Depraved-heart murder

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In United States law, depraved-heart murder, also known as depraved-indifference murder, is a type of murder where an individual acts with a "depraved indifference" to human life and where such act results in a death, despite that individual not explicitly intending to kill. In a depraved-heart murder, defendants commit an act even though they know their act runs an unusually high risk of causing death or serious bodily harm to a person. If the risk of death or bodily harm is great enough, ignoring it demonstrates a "depraved indifference" to human life and the resulting death is considered to have been committed with malice aforethought.[1][2] In some states, depraved-heart killings constitute second-degree murder,[3] while in others, the act would be charged with varying degrees of manslaughter.[4]

If no death results, such an act would generally constitute reckless endangerment (sometimes known as "culpable negligence") and possibly other crimes, such as assault.

Common law background

It [`depraved heart' murder] is the form [of murder] that establishes that the wilful doing of a dangerous and reckless act with wanton indifference to the consequences and perils involved, is just as blameworthy, and just as worthy of punishment, when the harmful result ensues, as is the express intent to kill itself. This highly blameworthy state of mind is not one of mere negligence.... It is not merely one even of gross criminal negligence.... It involves rather the deliberate perpetration of a knowingly dangerous act with reckless and wanton unconcern and indifference as to whether anyone is harmed or not. The common law treats such a state of mind as just as blameworthy, just as anti-social and, therefore, just as truly murderous as the specific intents to kill and to harm.[5]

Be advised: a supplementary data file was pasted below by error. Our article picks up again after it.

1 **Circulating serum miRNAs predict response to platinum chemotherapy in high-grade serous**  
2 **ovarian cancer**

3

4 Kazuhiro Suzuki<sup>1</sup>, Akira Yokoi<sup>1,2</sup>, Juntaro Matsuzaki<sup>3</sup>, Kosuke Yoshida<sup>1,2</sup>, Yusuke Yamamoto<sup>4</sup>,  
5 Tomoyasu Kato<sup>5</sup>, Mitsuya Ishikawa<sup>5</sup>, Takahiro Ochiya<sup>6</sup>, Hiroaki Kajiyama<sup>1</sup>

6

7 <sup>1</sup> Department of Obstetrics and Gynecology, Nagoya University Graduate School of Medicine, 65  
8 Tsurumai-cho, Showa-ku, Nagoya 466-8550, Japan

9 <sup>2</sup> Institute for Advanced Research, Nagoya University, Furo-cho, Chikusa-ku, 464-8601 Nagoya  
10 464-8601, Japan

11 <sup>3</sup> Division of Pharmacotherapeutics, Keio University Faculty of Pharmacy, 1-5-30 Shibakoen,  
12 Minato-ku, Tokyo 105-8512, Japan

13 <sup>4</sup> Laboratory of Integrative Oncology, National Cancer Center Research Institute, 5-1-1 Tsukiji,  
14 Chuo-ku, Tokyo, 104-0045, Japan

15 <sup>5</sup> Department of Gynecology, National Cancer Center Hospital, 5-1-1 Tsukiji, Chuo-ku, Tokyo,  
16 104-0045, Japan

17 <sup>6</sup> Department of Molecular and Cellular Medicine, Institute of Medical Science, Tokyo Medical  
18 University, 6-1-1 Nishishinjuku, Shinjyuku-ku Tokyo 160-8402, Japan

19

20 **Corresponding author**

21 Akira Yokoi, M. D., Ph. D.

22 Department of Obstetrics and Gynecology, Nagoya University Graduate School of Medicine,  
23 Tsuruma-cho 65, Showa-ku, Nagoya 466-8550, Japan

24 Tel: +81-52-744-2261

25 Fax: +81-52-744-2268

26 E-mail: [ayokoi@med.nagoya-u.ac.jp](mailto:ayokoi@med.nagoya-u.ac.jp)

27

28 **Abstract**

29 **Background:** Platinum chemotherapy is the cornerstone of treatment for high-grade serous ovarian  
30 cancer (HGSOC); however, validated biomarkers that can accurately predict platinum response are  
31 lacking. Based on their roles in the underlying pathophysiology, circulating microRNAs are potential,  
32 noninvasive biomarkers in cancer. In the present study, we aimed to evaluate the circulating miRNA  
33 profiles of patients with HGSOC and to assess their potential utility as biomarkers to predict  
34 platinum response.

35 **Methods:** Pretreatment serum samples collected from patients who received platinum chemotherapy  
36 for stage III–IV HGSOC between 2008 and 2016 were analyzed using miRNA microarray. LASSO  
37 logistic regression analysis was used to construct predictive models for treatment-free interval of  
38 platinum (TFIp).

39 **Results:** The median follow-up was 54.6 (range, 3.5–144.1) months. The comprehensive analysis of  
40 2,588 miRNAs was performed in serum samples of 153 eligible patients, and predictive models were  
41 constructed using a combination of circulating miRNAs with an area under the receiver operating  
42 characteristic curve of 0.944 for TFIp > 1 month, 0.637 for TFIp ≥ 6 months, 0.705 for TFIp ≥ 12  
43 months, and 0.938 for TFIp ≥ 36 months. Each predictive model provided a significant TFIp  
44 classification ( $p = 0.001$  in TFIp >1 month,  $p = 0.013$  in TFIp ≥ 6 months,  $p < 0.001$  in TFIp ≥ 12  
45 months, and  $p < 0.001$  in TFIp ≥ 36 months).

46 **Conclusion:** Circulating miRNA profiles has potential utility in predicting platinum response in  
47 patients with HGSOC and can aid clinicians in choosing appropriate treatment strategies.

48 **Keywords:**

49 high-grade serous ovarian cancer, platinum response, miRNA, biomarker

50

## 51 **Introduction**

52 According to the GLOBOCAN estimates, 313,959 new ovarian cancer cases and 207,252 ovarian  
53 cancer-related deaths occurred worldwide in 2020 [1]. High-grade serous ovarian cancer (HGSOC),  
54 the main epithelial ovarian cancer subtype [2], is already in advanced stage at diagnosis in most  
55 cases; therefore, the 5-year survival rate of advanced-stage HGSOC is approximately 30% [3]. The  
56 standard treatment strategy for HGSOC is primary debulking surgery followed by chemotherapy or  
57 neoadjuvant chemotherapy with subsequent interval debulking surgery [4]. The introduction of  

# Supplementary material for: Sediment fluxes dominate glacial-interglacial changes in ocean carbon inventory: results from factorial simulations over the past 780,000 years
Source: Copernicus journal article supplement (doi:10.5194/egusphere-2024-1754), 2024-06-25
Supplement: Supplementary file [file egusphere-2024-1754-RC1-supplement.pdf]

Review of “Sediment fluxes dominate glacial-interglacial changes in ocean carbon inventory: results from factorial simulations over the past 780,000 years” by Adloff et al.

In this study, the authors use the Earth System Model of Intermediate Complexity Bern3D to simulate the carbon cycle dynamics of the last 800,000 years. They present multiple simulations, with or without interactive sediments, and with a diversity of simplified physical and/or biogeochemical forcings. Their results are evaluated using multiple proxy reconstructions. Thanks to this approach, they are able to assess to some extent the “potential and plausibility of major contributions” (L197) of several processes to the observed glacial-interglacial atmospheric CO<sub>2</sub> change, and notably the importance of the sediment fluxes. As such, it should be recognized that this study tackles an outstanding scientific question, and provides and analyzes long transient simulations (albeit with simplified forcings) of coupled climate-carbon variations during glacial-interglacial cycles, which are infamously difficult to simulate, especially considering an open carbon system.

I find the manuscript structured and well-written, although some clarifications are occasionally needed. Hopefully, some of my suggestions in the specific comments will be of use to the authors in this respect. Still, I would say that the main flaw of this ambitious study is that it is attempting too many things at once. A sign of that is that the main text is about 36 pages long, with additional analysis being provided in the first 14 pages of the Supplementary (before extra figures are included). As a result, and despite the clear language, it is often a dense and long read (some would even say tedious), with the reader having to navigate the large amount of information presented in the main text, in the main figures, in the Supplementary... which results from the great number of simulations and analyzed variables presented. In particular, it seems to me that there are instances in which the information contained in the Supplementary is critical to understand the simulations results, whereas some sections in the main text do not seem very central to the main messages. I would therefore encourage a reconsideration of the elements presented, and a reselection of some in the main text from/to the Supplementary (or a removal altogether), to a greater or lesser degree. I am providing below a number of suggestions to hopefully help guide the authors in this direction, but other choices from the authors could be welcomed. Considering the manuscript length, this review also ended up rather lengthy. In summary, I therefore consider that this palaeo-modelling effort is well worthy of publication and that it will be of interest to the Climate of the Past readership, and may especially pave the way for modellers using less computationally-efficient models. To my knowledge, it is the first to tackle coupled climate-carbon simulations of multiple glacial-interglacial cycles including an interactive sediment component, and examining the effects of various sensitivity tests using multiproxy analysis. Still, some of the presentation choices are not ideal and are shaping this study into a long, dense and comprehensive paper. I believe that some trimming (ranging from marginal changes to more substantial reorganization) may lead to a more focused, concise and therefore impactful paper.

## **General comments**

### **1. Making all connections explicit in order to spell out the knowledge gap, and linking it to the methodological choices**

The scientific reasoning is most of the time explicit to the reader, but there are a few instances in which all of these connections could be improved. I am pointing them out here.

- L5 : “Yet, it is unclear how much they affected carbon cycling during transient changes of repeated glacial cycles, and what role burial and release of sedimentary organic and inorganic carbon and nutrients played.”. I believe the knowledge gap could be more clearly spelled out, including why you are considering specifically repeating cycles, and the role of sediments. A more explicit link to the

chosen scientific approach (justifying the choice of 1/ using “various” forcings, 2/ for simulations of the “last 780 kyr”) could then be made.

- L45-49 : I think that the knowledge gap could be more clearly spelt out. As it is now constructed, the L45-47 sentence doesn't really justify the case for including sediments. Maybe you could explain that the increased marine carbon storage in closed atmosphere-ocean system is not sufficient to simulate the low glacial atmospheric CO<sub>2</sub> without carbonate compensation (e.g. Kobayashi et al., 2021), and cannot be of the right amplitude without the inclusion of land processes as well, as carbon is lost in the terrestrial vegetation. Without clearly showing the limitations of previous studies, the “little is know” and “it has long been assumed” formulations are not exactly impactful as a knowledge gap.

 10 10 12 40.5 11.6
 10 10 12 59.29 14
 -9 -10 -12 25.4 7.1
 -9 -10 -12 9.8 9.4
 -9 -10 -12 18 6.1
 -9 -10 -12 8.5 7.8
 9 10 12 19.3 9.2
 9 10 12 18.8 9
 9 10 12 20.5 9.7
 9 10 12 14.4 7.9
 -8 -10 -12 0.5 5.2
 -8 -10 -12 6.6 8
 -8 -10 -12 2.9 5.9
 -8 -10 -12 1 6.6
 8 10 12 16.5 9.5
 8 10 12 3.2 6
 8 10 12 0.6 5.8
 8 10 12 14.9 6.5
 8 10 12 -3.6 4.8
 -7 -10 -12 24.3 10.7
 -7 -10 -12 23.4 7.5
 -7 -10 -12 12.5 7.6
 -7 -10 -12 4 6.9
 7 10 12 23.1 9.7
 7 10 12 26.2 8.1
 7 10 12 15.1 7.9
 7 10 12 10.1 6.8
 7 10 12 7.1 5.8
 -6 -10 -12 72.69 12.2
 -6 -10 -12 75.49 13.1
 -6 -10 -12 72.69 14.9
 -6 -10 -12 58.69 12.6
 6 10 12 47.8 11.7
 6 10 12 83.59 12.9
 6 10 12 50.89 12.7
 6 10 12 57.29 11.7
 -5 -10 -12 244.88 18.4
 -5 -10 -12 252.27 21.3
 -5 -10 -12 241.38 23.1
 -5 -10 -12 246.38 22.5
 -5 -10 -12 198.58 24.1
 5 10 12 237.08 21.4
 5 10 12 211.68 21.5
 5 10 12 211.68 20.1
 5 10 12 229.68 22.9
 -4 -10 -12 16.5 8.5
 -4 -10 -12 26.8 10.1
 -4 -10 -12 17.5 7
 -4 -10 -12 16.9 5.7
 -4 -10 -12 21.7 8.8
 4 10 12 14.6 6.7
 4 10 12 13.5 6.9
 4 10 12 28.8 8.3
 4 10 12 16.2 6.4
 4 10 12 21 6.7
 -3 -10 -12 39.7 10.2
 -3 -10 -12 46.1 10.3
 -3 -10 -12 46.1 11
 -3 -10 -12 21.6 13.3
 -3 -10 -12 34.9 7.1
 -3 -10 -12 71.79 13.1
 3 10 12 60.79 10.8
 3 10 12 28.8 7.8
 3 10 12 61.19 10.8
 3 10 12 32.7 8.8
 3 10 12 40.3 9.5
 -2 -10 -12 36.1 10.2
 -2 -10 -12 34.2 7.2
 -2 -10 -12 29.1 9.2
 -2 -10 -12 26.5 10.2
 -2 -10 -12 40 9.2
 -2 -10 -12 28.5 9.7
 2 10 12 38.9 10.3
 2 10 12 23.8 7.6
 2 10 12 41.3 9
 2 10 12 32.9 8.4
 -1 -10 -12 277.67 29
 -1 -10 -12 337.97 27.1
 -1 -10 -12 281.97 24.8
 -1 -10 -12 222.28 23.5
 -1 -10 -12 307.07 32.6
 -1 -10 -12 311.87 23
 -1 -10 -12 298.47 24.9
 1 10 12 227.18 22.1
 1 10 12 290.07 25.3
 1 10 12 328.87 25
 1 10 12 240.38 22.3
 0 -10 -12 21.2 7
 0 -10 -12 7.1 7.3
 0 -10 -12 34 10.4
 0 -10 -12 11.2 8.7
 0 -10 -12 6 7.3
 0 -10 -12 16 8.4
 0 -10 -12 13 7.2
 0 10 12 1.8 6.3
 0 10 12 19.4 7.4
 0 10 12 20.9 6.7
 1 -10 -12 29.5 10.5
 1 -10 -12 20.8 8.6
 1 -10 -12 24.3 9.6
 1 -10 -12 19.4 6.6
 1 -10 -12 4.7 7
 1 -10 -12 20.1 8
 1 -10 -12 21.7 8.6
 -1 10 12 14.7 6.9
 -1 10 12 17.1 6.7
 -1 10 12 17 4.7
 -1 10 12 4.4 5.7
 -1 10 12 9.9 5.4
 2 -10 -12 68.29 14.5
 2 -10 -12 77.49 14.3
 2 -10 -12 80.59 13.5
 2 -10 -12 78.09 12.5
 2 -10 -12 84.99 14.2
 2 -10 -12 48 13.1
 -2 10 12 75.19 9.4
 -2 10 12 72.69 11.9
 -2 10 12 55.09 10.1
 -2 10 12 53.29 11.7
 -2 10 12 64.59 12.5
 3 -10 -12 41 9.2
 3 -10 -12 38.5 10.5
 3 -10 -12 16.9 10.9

The common law punishes unintentional homicide as murder if the defendant commits an act of gross recklessness. A classic example of depraved-heart murder under the common law is in the case Commonwealth v. Malone, a Pennsylvania case in which the court affirmed the second-degree murder conviction of a teenager for a death arising from a game of modified Russian roulette in which each player pointed and fired the gun at the other, eventually resulting in the death of one of them.[1]

Under the Model Penal Code

Depraved-heart murder is recognized in the Model Penal Code § 210.2(1)(b).[6] The Model Penal Code considers unintentional killing to constitute murder when the conduct of the defendant manifests "extreme indifference to the value of human life".

International equivalents

In Canada, the Criminal Code categorises murder as first- and second-degree for sentencing purposes. However, the Supreme Court held that murder requires, at minimum, subjective knowledge that death is a likely consequence of the defendant's actions.[7] Mere recklessness, no matter how extreme, is not sufficient to burden the defendant with the stigma of being labeled a murderer. The circumstances that give rise to depraved-heart second-degree murder in the US only constitute manslaughter in Canada.